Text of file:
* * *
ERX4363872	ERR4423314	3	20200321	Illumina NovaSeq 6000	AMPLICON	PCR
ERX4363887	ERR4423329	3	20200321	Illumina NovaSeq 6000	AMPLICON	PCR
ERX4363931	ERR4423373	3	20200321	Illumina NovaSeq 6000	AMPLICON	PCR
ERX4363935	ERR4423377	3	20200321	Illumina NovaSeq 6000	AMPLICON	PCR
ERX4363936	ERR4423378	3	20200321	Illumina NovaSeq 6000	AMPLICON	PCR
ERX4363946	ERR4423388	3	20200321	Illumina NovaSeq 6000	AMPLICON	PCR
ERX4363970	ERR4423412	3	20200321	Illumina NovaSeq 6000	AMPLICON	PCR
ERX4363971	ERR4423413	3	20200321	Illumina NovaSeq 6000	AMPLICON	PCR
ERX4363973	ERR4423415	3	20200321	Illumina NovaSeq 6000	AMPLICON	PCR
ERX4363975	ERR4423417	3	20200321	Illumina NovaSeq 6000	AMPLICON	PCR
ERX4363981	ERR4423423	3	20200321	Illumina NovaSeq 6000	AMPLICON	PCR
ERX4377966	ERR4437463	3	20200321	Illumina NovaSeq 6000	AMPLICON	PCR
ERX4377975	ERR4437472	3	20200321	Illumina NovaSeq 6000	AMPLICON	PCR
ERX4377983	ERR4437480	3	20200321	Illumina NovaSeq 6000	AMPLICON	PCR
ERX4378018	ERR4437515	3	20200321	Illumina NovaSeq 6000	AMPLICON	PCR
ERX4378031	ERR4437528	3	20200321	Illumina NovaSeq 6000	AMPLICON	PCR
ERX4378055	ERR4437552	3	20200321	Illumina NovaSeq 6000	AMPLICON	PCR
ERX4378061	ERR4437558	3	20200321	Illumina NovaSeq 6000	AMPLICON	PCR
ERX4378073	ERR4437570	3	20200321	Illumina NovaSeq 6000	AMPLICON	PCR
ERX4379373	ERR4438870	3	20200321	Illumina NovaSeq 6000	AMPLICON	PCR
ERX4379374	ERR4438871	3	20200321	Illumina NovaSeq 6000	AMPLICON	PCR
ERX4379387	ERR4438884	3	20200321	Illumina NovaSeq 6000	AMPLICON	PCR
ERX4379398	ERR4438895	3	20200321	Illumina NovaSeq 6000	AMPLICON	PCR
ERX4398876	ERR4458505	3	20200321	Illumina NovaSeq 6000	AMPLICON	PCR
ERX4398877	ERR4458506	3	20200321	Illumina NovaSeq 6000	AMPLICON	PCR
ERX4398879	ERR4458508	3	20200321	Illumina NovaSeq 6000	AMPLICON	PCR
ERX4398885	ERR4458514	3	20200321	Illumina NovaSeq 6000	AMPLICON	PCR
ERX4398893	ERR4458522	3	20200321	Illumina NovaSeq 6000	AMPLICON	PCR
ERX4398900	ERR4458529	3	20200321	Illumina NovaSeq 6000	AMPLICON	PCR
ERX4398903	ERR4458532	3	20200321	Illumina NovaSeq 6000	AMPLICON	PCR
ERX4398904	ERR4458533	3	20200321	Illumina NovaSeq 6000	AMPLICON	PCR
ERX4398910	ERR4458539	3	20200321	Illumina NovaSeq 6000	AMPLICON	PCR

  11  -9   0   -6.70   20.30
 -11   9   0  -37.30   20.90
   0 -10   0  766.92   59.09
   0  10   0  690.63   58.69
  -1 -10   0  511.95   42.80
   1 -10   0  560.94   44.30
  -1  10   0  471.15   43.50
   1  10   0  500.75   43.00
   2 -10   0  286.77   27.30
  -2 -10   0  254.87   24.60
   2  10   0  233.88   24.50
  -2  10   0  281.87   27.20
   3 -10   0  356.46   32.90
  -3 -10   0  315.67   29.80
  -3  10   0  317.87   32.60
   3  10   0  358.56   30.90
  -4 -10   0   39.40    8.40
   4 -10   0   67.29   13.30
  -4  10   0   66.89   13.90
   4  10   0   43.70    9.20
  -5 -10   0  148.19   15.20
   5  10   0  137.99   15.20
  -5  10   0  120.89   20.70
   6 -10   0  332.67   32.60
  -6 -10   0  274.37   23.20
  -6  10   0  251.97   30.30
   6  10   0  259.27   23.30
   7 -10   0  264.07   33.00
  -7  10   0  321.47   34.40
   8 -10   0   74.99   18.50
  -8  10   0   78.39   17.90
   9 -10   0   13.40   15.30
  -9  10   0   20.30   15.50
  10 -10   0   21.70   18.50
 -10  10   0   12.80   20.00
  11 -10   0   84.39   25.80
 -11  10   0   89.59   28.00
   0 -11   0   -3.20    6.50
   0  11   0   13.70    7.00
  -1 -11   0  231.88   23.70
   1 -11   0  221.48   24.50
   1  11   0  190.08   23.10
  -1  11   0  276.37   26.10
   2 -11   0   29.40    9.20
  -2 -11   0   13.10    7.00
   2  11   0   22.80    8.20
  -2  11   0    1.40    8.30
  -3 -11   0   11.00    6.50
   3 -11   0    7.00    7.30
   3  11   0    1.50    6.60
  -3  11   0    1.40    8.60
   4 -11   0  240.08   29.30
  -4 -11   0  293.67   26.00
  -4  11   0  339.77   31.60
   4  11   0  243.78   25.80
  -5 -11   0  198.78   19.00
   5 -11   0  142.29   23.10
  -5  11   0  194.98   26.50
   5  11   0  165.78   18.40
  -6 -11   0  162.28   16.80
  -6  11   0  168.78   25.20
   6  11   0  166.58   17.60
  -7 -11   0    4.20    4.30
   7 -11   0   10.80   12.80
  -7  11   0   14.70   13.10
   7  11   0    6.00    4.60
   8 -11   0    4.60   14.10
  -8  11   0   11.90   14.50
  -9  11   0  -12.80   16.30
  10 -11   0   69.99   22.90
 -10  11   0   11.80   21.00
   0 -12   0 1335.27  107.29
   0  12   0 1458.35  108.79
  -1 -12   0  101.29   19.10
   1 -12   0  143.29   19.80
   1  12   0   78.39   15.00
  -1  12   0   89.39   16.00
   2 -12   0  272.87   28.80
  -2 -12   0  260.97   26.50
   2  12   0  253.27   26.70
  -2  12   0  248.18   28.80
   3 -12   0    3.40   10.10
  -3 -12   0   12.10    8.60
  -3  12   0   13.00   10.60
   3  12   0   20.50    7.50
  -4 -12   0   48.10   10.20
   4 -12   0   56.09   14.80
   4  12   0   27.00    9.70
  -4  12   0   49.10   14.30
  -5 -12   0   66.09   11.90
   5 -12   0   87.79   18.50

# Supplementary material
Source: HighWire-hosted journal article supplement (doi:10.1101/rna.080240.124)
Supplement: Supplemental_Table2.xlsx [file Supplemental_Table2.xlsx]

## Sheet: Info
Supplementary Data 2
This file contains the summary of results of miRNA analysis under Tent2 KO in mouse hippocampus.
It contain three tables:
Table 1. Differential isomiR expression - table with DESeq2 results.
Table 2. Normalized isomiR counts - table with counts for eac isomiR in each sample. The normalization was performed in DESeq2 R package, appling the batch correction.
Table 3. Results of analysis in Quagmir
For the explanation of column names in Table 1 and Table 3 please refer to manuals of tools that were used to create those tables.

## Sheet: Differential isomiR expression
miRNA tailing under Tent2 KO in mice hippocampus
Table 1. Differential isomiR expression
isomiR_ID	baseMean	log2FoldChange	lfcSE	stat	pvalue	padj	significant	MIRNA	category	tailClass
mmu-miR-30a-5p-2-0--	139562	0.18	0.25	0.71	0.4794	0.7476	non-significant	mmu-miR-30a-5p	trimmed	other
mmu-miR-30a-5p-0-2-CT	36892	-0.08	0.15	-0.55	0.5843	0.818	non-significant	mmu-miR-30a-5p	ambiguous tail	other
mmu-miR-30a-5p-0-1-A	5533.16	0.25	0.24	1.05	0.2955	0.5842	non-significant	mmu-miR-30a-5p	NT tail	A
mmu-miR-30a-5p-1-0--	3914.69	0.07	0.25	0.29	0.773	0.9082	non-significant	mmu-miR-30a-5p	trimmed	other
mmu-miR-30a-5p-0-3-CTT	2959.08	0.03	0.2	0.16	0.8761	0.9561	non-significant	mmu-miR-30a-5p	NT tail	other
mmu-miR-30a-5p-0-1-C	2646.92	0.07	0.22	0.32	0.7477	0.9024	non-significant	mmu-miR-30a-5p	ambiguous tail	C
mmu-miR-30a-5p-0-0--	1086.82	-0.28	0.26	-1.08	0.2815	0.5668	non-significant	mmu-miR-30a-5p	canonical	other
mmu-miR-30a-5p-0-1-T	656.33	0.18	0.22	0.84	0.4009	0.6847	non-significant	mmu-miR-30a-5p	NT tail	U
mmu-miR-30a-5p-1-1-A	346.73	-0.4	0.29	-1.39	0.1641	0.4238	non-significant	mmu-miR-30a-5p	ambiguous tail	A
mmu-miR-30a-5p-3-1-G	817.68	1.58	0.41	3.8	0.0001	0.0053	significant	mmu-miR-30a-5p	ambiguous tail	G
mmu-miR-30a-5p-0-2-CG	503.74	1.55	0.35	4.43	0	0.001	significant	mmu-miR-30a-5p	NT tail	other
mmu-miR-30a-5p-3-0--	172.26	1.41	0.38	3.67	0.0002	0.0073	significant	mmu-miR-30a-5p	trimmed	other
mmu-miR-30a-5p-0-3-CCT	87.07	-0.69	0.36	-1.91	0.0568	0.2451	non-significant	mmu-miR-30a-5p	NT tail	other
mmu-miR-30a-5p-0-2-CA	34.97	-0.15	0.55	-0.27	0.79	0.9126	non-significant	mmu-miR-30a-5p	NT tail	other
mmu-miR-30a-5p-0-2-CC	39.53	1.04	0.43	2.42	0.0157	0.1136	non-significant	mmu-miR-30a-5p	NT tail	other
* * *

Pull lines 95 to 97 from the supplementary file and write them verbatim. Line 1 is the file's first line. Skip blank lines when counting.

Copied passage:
  -7 -11   0    4.20    4.30
   7 -11   0   10.80   12.80
  -7  11   0   14.70   13.10